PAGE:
Updated: Sep 11
It goes without saying that flipping homes, restoring buildings and any sort of hands-on work can come with its own challenges: challenges completely unknown until the day they appear. It could be a poor foundation, structural issues unseen until the walls came down, rotted floorboards or outdated electrical – to name a few.
The O'Rourke Building is no different; one of our current challenges involves coal tar. Coal tar has a variety of uses, but to you and I, it’s most commonly used on asphalt roads and more commonly known as just "tar." Coal tar was a common material for roofing, specifically flat roofs, many decades ago. In fact, you may recall the scene from 1994 film The Shawshank Redemption when Andy and his "friends" tar a roof.
Image rights of Castle Rock Entertainment and Columbia Pictures.
Coal tar was widely used because it was water repellant. It was viewed as a seemingly impenetrable substance that would keep the inside of homes dry and protected from various weather. It was also relatively cost efficient and, for the day and age it was used, the best form of weather proofing available.
In our case, while we do not know for sure, we suspect that the O'Rourke likely had a tar roof at one point. And even if it didn't, tar was still used on the roof –– applied on the tops and sides of the stones lining the perimeter. We believe this was done with good intention to protect the building from the elements.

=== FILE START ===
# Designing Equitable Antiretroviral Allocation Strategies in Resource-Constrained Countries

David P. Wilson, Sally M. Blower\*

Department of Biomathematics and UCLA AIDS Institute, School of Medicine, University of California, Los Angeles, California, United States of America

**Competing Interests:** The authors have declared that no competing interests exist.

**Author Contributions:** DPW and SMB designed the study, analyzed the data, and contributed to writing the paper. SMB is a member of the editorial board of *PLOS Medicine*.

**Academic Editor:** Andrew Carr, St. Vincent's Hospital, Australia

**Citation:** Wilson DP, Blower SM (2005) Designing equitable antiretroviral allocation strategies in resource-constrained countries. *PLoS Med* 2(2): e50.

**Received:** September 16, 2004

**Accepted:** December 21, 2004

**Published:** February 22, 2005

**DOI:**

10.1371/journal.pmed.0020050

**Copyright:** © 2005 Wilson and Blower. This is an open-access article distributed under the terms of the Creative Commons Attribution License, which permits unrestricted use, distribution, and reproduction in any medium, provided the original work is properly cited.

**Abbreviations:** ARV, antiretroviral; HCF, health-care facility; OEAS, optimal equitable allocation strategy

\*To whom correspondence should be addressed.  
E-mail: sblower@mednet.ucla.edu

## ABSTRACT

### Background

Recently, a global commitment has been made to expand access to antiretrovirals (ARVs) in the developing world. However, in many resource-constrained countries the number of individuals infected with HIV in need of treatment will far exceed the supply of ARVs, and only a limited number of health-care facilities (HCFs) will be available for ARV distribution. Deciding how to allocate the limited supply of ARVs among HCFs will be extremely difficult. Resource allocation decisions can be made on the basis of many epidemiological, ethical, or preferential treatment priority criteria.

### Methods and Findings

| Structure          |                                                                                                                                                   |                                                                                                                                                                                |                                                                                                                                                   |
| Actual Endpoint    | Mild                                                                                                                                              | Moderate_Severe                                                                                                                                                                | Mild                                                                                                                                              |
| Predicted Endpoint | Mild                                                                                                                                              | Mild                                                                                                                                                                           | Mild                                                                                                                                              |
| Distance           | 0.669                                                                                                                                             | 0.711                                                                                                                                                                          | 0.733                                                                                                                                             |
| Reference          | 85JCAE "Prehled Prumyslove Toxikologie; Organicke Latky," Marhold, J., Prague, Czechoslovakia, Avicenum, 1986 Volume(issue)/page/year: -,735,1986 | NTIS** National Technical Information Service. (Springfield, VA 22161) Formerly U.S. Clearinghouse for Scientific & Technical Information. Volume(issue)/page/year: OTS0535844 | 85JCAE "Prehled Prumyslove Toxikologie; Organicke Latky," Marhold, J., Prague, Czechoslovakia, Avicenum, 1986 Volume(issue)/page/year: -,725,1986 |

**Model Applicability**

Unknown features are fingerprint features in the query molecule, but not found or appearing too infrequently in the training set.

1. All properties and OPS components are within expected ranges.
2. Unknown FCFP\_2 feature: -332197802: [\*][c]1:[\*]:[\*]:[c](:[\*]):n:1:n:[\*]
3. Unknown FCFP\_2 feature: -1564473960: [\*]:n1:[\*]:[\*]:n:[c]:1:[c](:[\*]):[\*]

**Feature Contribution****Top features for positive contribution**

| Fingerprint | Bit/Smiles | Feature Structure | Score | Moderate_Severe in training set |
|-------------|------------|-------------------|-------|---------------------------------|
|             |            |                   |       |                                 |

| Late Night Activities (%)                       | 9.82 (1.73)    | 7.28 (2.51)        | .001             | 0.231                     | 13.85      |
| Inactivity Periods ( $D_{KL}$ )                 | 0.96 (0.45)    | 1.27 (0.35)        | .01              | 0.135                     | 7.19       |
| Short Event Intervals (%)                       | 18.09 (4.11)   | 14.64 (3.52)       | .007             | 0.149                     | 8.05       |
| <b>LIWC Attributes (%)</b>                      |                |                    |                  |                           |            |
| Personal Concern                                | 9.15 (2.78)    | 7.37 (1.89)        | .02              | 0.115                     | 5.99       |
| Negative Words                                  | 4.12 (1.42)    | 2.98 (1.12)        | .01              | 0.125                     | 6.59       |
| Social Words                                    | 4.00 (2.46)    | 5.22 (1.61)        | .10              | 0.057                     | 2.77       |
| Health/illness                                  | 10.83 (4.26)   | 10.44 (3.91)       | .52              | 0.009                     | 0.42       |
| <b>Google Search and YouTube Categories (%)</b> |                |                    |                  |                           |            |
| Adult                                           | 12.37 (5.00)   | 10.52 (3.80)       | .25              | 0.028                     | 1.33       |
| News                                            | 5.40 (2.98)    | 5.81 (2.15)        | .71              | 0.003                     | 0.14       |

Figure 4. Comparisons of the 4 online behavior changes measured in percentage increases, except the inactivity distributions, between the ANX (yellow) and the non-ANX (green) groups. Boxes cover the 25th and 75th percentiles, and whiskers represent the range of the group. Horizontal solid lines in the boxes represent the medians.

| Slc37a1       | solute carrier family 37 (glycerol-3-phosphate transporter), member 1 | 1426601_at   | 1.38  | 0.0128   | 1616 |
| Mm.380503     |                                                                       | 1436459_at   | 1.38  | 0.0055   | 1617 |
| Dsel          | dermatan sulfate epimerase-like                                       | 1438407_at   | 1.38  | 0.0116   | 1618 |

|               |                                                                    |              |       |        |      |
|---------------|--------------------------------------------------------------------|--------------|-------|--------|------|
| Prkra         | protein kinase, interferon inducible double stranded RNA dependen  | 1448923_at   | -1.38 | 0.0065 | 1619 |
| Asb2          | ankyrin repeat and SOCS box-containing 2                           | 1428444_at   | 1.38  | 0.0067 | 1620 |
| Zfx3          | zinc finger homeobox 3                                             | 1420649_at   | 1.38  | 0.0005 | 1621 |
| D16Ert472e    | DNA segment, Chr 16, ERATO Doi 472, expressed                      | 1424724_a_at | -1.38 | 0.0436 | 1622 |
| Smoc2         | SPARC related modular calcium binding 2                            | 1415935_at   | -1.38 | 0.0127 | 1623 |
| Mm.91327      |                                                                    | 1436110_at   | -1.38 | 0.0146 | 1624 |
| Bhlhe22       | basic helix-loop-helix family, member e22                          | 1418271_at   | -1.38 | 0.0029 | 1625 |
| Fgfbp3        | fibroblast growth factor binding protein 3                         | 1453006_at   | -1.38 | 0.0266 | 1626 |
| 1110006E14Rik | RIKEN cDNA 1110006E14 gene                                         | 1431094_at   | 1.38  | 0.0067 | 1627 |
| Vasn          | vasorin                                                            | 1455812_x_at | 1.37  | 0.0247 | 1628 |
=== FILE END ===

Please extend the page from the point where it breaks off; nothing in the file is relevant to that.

Coal tar on the parapet of the roof of The O'Rourke.
Fôrt and Hōm would like to remove the tar from the stone. "Getting the building back to its earliest state as much as possible is our goal, and the tar was not a part of the original roof," says Construction Manager, Greg Genho, of the project.
There are several options to remove tar. A quick Google search will show a variety of chemicals available for purchase while message-boards give suggestions ranging from gasoline or baby oil to mayonnaise or WD40. Chemical removers aren't a favorable choice, as the porous nature of the stone could result in damage and discoloration.
Another approach to removing the tar is to sand it away or grind the stone down. However depending on the area needing it, the angle could make it difficult and especially tedious. Hand sanding would be a huge time consuming task and and electric sanding could be very jarring to the stone (especially one of this age) that could result in further damage.
The O'Rourke is registered on the National Registry of Historic Places making this predicament extra special because historic building restoration must follow federal and local guidelines. Therefore, a third option, which follows these historic preservation guidelines, would be to freeze the tar with dry ice or the use of carbon dioxide and then chip it off. Based on rehabilitation standards outlined by the National Park Service, U.S. Department of the Interior, this technique is the most gentle way of removing the tar from the parapet stone. And thus, the answer to our challenge.
More photos of coal tar on the perimeter stone of the roof varying in thickness and surface coverage.
You may be thinking, "Why even bother with it?" To which Greg reminds us, "We want the building to be complete from the basement to the roof, that means nothing gets missed. "Removing the tar is essential to that and is one step closer to bringing the building back to its original glory."